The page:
The Government is offering mixed messages
The Government is offering conflicting advice about how careful pregnant women needed to be in order to guard against swine flu.
The NHS website has for the past 11 days been advising expectant women that they should not make non-essential journeys and should stay away from large groups of people. ‘If you are pregnant, you can reduce your risk of infection by avoiding unnecessary travel and avoiding crowds where possible,’ the site says.
The site says this is necessary because ‘pregnant women are more susceptible to all infections’ and are ‘especially vulnerable to swine flu, as this virus is affecting younger age groups in particular’.
During the weekend this guidance was backed by the Royal College of Midwives (RCM). ‘If [pregnant women] normally travel on the Tube or on crowded trains in rush hour they might want to leave later or earlier,’ the RCM’s Sue Macdonald said.
However, in a re-organisation of its own advice website on Sunday, the Department of Health did not reiterate this advice, as had been expected. A department source later confirmed: ‘Our advice has not changed. For the majority of pregnant women, good hand hygiene will be enough. Clearly avoiding these things would lower the risk [of swine flu], but we are not saying that pregnant women should avoid them.’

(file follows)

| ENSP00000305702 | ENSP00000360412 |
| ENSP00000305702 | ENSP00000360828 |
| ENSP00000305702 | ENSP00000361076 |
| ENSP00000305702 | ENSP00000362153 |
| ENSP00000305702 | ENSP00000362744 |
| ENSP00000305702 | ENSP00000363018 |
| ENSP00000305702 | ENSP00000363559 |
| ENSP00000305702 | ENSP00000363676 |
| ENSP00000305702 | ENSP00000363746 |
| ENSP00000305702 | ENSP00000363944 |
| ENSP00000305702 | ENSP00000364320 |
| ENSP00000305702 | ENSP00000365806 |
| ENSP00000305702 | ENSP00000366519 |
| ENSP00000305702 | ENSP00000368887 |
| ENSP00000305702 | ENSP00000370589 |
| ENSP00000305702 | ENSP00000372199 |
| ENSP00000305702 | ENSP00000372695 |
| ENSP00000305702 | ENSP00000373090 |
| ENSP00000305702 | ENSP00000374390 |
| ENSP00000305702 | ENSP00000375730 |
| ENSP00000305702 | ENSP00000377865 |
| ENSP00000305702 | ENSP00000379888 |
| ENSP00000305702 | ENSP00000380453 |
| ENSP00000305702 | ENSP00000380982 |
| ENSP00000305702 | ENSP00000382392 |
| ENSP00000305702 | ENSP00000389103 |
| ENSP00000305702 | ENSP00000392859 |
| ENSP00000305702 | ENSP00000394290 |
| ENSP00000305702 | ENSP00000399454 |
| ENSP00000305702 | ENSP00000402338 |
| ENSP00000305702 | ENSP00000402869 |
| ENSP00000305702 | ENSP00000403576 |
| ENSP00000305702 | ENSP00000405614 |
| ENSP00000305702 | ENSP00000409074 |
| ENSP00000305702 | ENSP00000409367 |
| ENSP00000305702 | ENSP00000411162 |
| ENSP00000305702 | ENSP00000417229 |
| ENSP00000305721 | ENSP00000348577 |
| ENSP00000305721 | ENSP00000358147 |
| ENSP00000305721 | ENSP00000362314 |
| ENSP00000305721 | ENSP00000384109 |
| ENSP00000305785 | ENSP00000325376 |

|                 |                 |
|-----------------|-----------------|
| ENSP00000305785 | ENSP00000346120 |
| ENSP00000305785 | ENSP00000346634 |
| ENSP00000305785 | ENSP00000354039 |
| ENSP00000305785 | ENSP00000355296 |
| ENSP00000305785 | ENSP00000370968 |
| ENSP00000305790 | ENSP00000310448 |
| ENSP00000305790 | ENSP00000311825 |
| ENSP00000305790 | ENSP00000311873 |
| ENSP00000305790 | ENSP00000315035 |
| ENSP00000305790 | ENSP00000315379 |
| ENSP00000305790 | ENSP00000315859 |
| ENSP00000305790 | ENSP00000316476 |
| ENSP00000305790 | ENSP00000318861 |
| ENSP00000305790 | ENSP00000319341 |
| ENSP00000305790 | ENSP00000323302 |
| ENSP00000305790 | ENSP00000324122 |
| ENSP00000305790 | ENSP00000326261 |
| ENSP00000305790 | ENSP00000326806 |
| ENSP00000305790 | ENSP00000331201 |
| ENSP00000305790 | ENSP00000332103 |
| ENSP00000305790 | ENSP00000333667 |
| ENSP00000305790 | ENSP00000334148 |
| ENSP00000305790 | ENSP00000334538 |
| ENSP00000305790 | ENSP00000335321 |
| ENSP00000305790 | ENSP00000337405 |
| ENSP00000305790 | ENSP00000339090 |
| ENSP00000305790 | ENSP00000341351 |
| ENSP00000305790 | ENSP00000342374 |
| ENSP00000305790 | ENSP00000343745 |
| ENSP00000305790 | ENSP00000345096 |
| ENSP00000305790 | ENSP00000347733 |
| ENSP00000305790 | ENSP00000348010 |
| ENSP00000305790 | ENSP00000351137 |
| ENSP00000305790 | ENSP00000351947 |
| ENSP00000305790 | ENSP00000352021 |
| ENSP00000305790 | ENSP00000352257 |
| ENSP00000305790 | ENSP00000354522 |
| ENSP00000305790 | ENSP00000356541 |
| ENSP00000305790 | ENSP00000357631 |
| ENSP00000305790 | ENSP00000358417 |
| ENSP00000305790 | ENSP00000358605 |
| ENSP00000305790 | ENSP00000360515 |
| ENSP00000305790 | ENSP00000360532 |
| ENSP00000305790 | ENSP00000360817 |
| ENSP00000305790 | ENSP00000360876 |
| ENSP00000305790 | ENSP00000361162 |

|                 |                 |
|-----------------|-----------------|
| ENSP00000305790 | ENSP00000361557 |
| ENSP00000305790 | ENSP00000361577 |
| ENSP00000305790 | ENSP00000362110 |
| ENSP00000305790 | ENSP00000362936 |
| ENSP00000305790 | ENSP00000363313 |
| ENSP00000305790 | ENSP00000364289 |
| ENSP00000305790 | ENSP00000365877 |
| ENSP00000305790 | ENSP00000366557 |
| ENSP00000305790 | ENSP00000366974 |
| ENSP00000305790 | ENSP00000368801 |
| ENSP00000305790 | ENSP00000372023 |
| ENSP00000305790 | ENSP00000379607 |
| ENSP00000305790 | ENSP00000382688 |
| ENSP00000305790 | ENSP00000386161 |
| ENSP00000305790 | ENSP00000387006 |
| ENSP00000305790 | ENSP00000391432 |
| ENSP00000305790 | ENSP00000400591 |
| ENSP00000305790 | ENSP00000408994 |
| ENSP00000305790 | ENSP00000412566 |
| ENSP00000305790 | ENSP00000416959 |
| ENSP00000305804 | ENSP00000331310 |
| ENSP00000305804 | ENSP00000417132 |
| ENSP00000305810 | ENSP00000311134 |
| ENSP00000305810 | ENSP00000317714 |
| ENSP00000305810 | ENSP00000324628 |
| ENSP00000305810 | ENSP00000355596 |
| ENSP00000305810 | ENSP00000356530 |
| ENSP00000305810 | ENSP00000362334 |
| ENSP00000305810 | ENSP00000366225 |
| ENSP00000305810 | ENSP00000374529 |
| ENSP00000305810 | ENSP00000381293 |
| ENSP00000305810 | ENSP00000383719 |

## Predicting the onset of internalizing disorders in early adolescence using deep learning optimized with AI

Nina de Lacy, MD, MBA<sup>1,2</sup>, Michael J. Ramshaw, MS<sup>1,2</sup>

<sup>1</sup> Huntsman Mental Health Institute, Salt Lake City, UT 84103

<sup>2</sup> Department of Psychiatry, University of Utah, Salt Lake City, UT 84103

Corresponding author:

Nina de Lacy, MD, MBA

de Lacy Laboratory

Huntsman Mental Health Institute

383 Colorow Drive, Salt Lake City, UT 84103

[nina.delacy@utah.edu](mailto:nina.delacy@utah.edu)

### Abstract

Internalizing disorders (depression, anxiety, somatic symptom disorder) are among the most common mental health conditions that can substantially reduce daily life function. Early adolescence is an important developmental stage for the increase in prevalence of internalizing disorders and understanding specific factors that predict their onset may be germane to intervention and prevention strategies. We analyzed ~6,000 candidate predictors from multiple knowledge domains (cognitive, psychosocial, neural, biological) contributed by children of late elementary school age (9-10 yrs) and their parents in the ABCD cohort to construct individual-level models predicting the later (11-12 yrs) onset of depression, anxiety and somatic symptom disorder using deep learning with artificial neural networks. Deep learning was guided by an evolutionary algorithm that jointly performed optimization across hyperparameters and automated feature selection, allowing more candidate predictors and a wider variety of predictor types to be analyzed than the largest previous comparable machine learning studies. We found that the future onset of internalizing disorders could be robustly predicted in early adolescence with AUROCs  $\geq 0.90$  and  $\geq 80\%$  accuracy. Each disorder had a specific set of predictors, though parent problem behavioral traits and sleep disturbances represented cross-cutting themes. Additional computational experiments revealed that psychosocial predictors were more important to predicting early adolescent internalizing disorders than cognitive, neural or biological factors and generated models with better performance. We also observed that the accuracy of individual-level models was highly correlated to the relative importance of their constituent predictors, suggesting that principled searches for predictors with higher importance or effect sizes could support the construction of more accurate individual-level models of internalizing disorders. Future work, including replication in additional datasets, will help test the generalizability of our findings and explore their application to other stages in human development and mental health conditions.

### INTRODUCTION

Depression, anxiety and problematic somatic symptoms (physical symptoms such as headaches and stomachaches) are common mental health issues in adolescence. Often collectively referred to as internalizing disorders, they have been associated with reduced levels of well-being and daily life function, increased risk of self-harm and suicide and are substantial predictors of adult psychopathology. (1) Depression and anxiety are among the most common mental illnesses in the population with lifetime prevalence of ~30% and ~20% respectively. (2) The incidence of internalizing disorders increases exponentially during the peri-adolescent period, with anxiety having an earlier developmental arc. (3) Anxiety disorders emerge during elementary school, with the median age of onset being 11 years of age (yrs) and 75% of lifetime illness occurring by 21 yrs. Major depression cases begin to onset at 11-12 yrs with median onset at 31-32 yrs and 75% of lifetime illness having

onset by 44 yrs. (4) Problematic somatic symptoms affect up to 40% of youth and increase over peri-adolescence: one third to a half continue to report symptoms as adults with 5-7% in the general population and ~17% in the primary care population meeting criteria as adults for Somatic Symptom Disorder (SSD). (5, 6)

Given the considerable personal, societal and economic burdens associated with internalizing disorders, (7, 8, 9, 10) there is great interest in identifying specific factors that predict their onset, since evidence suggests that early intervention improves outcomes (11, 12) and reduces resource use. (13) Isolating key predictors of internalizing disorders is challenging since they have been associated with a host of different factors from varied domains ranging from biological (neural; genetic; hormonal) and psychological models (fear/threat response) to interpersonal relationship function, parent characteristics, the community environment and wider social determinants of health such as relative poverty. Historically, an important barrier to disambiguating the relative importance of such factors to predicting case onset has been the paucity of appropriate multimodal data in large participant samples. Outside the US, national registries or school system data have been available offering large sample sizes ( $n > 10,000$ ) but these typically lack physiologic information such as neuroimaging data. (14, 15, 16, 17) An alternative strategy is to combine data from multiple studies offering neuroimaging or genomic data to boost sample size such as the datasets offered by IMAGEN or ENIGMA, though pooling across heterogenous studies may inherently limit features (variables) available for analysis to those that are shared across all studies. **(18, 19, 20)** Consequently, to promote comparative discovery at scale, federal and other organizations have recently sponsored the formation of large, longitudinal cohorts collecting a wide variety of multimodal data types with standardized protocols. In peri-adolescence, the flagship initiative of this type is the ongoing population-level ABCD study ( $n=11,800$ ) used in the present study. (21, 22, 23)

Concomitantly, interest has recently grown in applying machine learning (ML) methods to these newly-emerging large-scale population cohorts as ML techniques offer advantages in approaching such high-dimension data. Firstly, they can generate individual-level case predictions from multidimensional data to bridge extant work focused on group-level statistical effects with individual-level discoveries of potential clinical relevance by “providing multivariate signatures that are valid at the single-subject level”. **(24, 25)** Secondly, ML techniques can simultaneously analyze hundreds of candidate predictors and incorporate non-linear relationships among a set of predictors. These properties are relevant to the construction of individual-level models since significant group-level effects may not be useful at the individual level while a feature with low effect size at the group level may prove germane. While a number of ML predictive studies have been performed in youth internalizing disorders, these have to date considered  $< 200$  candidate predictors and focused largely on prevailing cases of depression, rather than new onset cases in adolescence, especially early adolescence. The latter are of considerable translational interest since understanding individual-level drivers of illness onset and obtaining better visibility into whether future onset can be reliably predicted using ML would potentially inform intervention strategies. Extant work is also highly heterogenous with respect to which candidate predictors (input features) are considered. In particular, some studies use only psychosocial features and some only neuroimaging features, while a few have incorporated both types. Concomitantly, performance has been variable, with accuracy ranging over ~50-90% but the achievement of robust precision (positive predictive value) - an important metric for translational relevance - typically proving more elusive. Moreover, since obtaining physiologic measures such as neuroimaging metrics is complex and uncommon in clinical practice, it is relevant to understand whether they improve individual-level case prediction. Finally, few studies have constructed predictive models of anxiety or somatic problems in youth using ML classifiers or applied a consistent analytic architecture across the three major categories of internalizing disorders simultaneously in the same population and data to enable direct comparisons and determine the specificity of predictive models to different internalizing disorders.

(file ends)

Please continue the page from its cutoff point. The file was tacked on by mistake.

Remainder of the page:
The department later released a statement saying pregnant women ‘may consider’ avoiding travel and crowds. It added: ‘But it is important you carry on your daily routine.’
Andrew Lansley, the shadow health secretary, said: ‘It is important for the Chief Medical Officer to coordinate advice with the medical associations in the middle of an escalating flu epidemic. Consistent accurate advice is very important.’
Earlier experts disagreed about whether women should attempt to become pregnant while the swine flu pandemic continues to sweep the country. The National Childbirth Trust (NCT) said that delaying pregnancy could reduce a woman’s risk of catching swine flu, or lower its severity.
Belinda Phipps, the NCT’s chief executive, said: ‘In rare cases symptoms could lead to premature labour, a miscarriage or even cause birth defects.’
However this was dismissed by doctors as ‘scaremongering’. Professor Steve Field, the chairman of the Royal College of General Practitioners, described the advice as a ‘completely disproportionate reaction’.